Hearing on board gender diversity statute—will the court issue a preliminary injunction?

On October 19, a federal district court judge held a hearing on a motion for a preliminary injunction in Meland v. Weber, a case challenging SB 826, California’s board gender diversity statute, on the basis that it is unconstitutional under the equal protection provisions of the 14th Amendment. The judge had previously dismissed the case on the basis of lack of standing, but was reversed by the 9th Circuit. What did the hearing reveal?

What’s ahead for this proxy season?

Alliance Advisors, a proxy solicitation and corporate advisory firm, has just posted its 2021 Proxy Season Preview, a useful introduction into the major themes of this season—well worth a read.  First, and most obviously, there is COVID-19 and its direct and indirect impact. The pandemic is having a significant direct impact this year—not just in necessitating recourse to virtual-only annual meetings again this season—but also in focusing the attention of investors and proxy advisors on “how well corporate leaders navigated the crisis and protected business operations, liquidity and the health and welfare of employees.”  But the pandemic has also had a somewhat surprising broader indirect impact.  While it was widely anticipated that the challenges of COVID-19 would overwhelm any other concerns, the impact appears to be otherwise, as the pandemic has highlighted our increasingly precarious condition, including the effects of climate change, and intensified our social and economic inequality—all issues that are front and center this season.  The Preview predicts that environmental and social proposals “are likely to see stronger levels of support in view of last year’s record 21 majority votes… and more assertive investor policies on diversity, climate change and political spending.”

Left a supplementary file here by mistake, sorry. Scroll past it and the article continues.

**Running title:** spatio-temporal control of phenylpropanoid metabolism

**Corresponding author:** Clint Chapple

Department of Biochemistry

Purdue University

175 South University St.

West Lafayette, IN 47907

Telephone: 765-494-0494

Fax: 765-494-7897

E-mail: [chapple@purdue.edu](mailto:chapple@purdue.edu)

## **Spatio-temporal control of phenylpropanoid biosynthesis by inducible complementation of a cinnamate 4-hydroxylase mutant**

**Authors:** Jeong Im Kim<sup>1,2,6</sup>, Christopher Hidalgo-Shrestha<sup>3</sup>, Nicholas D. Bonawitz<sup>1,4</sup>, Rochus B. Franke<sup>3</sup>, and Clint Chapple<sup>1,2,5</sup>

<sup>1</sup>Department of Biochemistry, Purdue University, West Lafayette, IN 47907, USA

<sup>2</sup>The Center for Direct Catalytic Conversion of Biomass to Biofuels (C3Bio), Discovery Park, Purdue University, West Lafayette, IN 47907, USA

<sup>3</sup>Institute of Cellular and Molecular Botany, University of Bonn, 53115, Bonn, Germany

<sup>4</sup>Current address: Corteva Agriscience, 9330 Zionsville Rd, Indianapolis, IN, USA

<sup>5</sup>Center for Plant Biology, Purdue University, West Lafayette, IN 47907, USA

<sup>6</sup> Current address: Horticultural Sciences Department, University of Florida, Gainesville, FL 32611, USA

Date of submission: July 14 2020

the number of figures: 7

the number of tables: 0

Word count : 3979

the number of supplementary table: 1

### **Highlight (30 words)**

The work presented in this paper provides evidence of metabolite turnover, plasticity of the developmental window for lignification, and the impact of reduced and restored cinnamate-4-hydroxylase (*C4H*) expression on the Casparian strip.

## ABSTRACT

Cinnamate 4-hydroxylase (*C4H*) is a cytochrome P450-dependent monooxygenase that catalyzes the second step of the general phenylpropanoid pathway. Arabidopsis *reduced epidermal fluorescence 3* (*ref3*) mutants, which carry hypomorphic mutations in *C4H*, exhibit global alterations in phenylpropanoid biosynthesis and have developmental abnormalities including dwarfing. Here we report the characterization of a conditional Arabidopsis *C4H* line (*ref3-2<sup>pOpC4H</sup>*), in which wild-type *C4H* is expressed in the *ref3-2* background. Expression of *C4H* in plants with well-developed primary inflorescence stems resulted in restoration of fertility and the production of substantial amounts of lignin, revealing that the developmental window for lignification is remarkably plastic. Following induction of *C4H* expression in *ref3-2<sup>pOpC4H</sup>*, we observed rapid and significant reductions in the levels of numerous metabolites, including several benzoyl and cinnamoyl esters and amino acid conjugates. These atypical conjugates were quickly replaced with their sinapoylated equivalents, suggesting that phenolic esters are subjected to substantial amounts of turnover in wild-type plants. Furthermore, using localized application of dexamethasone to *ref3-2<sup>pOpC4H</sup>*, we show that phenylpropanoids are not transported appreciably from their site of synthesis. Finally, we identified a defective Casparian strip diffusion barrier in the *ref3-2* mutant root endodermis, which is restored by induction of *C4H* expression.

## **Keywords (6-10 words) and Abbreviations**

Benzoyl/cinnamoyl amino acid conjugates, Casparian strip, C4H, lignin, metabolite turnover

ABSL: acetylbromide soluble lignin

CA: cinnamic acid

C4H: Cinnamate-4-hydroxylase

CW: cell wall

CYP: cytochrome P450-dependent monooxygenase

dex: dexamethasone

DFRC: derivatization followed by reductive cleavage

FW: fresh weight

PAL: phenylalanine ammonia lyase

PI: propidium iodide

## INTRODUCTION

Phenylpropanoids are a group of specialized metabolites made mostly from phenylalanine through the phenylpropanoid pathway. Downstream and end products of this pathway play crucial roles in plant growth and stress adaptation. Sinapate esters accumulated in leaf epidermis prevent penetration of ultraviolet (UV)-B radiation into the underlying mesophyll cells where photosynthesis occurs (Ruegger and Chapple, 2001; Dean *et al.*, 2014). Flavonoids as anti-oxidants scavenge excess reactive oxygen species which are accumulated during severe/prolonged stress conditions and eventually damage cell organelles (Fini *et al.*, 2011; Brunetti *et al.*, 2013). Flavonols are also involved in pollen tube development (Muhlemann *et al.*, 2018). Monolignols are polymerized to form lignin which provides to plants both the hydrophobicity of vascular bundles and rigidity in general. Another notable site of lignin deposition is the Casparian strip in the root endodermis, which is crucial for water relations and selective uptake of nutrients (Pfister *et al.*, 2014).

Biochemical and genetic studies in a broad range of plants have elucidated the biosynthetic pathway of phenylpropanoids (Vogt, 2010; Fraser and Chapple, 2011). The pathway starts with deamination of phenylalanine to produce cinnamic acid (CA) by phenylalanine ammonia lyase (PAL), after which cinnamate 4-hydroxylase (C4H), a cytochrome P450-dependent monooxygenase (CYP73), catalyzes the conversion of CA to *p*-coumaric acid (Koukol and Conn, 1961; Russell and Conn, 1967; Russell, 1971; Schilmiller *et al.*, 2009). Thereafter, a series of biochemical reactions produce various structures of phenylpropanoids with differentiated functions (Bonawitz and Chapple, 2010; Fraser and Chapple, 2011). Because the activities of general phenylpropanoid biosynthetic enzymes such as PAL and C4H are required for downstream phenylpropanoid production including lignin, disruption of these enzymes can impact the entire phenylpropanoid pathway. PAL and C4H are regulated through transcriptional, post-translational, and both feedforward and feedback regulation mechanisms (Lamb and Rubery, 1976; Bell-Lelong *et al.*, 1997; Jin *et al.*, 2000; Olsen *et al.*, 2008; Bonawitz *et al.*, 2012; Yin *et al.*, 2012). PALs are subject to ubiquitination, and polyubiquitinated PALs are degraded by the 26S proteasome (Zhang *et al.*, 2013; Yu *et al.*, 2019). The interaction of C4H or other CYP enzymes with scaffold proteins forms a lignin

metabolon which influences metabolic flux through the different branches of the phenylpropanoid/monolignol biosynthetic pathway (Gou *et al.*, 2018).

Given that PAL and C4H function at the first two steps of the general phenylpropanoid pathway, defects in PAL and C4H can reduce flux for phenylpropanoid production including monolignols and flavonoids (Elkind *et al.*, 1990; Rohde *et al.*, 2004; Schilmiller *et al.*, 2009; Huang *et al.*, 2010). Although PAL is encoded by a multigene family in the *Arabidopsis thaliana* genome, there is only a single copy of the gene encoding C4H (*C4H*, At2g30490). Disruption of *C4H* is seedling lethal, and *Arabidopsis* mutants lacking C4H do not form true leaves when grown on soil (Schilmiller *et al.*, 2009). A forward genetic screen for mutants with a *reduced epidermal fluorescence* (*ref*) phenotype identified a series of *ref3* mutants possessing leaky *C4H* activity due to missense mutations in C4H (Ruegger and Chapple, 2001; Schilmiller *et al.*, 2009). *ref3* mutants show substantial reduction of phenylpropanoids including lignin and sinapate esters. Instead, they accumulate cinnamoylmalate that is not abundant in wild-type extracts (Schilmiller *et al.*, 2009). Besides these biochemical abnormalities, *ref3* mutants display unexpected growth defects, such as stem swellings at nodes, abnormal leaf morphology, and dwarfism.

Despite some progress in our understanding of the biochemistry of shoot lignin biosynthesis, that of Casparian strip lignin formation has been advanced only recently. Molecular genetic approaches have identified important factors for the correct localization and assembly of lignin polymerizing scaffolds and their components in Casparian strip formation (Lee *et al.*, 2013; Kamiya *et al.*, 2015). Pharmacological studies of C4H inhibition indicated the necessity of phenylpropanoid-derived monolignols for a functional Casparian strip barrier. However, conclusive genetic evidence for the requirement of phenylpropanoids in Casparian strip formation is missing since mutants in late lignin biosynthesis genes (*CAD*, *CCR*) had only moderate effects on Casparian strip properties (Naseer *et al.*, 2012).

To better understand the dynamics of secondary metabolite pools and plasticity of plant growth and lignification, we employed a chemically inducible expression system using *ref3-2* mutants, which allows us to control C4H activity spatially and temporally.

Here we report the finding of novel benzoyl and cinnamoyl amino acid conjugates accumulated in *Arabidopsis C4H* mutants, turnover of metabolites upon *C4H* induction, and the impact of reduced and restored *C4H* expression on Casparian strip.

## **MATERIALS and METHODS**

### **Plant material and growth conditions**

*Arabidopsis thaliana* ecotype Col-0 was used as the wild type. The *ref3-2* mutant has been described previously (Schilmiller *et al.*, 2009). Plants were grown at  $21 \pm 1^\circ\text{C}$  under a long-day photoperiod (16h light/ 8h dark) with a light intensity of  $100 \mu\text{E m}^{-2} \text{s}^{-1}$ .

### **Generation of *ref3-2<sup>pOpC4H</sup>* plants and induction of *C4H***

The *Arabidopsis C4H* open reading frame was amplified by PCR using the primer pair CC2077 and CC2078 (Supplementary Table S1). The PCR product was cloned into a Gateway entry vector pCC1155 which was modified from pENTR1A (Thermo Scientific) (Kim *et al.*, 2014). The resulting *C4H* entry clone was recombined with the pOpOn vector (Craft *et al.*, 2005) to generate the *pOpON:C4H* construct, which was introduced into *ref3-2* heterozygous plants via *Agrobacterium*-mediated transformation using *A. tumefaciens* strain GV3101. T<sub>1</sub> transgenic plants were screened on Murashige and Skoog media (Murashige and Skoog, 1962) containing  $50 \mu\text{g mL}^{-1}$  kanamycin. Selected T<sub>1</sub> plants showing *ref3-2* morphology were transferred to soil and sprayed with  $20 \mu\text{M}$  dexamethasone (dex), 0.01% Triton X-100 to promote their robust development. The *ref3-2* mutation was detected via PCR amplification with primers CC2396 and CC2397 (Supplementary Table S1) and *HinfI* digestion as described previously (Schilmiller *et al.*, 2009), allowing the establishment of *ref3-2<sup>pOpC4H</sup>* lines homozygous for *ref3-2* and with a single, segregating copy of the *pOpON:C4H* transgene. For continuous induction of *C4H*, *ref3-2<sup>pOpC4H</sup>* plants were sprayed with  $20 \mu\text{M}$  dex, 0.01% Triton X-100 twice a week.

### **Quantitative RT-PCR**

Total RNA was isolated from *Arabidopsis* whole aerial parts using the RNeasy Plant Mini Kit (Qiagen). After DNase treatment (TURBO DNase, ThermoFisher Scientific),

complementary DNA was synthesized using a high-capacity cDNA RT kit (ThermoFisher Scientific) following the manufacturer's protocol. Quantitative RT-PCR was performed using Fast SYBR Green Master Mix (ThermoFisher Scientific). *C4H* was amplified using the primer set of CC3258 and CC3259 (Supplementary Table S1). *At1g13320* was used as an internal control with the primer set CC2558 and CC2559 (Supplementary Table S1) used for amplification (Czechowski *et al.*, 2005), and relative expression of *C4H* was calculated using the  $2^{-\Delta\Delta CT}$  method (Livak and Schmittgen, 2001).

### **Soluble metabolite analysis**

What happened at the 2022 PLI Securities Regulation Institute?

At the PLI Securities Regulation Institute last week, the plethora of SEC rulemaking took some hits. It wasn’t simply the quantity of SEC rules and proposals, although that was certainly a factor.  But the SEC has issued a lot of proposals in the past. Rather, it was the difficulty and complexity of implementation of these new rules and proposals that seemed to have created the concern that affected companies may just be overwhelmed.  Former Corp Fin Director Meredith Cross, a co-chair of the program, pronounced the SEC’s climate proposal “outrageously” difficult, complicated and expensive for companies to implement, and those problems, the panel worried, would only be compounded by the adoption of expected new rules in the EU that would be applicable to many US companies and their EU subsidiaries. (See this Cooley Alert.) The panel feared that companies would be bombarded with a broad, complicated and often inconsistent series of climate/ESG disclosure mandates. Single materiality/double materiality anyone?   But it wasn’t just the proposed climate disclosure that contributed to the concern.  Recent rulemakings or proposals on stock buybacks, pay versus performance and clawbacks were also singled out as especially challenging for companies to put into effect.